Within the last two years the preceding natural impediments to a free and salutary drainage have been materially increased by the construction of the North Midland Railway; completion, there have been frequent floods and a constant overflow of the meadows with stagnant water extensively charged with decaying animal and vegetable matter from the neighbouring houses. Here it may be observed that, previously lo the recent obstruction of its drainage, the village of Breadsall is not known to have suffered more than once from epidemic fever within the remembrance of its oldest inhabitants and that, with the exception of the effluvia arising from the partially dried meadows floating in the south-west wind during the droughts of summer and autumn, there are no appreciable causes of fever connected with this locality which have not been in constant and occasional action for ages. There is no evidence, however, to connect the fever of Breadsall with any simple exclusive cause, although the disease may undoubtedly have been promoted by the effluvian miasms, engendered in the mud resting on the surfaces of its flooded meadows, and on the sides of its half-dried brooks.
It may also be observed, as a fact frequently noticed, that deleterious exhalations abound most where the stagnant waters are nearly or quite evaporated from the surfaces of inundated lands and it is another well-ascertained fact, that in many countries the “malaria” does not rise until all the surface water has disappeared, and left the face of the ground a parched and barren desert.
With few exceptions, the cottages at Breadsall are poor and in bad repair. They are low, small, ill ventilated, and crowded with inmates ; most of them have thatched roofs, and, from decay or other causes, these are in a condition unfit to exclude the rain and weather. Hence generally, the roofs, walls, and floors are damp and chilling. On the outside, the cottages are either imperfectly drained, or altogether without drains. In many instances there are two or three feet of earth, often there is a pigsty leaning against the walls, and supplying the cottagers freely, though imperceptibly, with the seeds of discomfort, inactivity, and imperfect health, or positive disease.
Many of the villagers keep pigs, and have dunghills with heaps of manure and offal close to the houses; from such practices incalculable mischiefs necessarily proceed : they create offensive odours, unwholesome air, and malarian miasms of various and noxious kinds. No pigsty or collection of garbage ought ever to be allowed within several yards of a dwelling-house, street, or public thoroughfare.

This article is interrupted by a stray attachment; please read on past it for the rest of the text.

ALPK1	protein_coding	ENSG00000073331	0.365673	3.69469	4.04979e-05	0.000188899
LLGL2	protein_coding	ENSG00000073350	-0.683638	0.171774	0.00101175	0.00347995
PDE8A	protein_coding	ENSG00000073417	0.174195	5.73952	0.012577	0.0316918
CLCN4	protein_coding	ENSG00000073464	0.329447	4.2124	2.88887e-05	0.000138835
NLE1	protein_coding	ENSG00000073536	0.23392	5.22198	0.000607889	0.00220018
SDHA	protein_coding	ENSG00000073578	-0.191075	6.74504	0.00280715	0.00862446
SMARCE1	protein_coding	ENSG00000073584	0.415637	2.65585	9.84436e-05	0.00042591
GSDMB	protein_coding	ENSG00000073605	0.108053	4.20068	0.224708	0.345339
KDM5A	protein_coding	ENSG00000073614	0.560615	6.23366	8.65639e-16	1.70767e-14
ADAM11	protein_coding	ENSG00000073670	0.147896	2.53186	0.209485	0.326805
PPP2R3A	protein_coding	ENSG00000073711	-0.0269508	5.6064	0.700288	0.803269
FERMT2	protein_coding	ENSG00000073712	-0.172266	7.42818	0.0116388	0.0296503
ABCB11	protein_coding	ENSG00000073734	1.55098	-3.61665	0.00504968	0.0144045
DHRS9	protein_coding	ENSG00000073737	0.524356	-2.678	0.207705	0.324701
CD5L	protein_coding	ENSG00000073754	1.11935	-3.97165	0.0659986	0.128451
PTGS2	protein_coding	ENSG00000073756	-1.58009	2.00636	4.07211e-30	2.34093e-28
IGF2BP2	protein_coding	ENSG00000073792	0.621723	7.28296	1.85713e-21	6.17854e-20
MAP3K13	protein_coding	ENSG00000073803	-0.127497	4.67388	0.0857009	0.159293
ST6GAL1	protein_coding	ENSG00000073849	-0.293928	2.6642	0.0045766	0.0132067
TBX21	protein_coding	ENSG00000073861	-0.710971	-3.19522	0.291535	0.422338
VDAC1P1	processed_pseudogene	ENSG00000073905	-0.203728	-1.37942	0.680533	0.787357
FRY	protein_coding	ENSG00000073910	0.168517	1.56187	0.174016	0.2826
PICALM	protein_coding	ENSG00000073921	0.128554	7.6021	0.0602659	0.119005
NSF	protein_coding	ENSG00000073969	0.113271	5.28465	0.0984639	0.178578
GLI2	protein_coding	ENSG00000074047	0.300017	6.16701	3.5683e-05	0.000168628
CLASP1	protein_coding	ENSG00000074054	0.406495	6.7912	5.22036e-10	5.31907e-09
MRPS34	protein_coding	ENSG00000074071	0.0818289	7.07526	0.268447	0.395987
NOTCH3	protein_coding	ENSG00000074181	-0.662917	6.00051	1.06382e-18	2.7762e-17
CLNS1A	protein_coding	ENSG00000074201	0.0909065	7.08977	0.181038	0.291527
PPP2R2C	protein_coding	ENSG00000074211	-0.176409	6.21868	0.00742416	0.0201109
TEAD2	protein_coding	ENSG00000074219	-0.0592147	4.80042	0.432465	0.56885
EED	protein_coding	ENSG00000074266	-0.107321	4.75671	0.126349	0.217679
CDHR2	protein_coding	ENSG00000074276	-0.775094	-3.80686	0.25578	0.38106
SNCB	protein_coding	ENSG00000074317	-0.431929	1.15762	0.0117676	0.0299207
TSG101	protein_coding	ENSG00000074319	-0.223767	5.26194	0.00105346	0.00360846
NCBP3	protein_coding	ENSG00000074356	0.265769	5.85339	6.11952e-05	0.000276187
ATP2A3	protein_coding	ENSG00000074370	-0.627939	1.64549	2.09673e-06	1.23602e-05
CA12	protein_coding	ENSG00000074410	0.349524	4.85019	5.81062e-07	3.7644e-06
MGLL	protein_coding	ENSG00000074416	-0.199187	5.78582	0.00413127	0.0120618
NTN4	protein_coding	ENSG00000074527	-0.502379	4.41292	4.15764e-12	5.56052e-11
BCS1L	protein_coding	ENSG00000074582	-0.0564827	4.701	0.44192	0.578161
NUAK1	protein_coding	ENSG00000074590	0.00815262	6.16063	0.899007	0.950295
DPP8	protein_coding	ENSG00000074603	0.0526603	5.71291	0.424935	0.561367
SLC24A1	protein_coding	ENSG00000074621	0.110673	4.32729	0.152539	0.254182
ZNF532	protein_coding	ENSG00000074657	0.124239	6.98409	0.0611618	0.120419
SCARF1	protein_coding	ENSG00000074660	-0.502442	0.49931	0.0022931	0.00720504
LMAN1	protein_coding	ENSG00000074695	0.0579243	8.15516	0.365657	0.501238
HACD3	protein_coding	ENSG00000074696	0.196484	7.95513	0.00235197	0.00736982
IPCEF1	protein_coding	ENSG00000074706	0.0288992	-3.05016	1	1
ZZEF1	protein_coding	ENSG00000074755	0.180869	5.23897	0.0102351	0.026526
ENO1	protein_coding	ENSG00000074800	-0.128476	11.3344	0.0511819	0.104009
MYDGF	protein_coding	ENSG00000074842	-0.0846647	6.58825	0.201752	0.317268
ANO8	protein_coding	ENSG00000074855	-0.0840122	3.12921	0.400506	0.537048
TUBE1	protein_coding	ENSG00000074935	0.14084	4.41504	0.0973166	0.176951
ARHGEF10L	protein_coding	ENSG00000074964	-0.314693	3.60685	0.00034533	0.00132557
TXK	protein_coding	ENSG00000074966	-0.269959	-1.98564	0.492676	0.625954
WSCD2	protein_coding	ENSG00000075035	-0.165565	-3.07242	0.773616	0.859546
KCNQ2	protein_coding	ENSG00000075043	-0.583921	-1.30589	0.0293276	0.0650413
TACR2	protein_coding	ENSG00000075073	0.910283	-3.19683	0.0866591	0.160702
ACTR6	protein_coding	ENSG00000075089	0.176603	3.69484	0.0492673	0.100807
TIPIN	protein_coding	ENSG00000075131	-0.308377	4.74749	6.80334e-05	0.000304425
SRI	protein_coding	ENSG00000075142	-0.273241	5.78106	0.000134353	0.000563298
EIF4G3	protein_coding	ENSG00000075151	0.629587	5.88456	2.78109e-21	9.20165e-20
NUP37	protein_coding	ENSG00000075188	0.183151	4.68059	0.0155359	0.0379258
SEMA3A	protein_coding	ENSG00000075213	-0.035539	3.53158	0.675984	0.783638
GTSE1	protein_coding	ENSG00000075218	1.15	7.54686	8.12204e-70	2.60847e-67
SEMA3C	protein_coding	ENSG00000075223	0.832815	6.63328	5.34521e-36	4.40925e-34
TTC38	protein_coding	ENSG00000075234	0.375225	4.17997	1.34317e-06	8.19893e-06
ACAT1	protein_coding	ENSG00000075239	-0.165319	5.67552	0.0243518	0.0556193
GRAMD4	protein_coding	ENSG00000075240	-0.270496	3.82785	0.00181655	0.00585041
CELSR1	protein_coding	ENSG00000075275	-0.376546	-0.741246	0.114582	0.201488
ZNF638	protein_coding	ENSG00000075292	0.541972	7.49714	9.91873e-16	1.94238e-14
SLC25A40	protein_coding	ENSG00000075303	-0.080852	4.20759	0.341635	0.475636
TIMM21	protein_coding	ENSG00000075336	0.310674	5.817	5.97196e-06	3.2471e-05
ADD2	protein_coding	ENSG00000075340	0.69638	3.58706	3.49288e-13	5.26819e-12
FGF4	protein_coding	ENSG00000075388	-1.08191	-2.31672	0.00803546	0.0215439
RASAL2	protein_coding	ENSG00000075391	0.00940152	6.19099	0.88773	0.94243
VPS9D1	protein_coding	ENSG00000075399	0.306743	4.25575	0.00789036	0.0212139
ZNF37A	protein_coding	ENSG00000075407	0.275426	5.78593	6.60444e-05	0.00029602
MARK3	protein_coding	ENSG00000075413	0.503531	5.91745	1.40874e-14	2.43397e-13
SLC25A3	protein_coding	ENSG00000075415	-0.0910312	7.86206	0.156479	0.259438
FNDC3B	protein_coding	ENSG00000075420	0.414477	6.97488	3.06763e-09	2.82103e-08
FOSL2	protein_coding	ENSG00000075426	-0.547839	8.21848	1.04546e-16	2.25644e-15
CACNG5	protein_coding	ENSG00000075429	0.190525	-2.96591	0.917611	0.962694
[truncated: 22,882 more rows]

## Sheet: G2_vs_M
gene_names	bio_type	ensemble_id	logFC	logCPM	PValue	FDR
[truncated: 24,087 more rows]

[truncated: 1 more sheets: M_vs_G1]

We learn that Breadsall, about 10 years ago, was visited with a fever similar to the present in its nature and effects, but since that time, the parish has not been particularly unhealthy.
The epidemic now prevailing, broke out in the month of September last, and up to the time of our inquiry, there had been 76 cases of this number, five persons, males and females, had died. We found several advanced in their convalescence, and some under active treatment.
From careful inquiry, and from the observations we were able to institute on the occasion, we could not perceive any characteristic feature in this epidemic whereby to distinguish it from the common typhoid fever of this country ; unless the frequency and severity of diarrhoea, or over-activity of the bowels and the petechial eruptions may be mentioned. Mr. Buxton, the medical officer for the Breadsall district, states as his opinion, that Breadsall has been free from fever since the year 1830, at which period it was very severe, attributes its introduction, on the present occasion, to the fact of three servants, one woman and two men, having caught it at a distance in service, and who returned home ill, and that it then spread, owing to the peculiar locality of the place and the bad living. Mr. Buxton, however, observes, that a case of fever had occurred previously, but of a different nature, and which did not communicate to any other parties. There were nearly 60 cases of fever in one week, about the first week in November.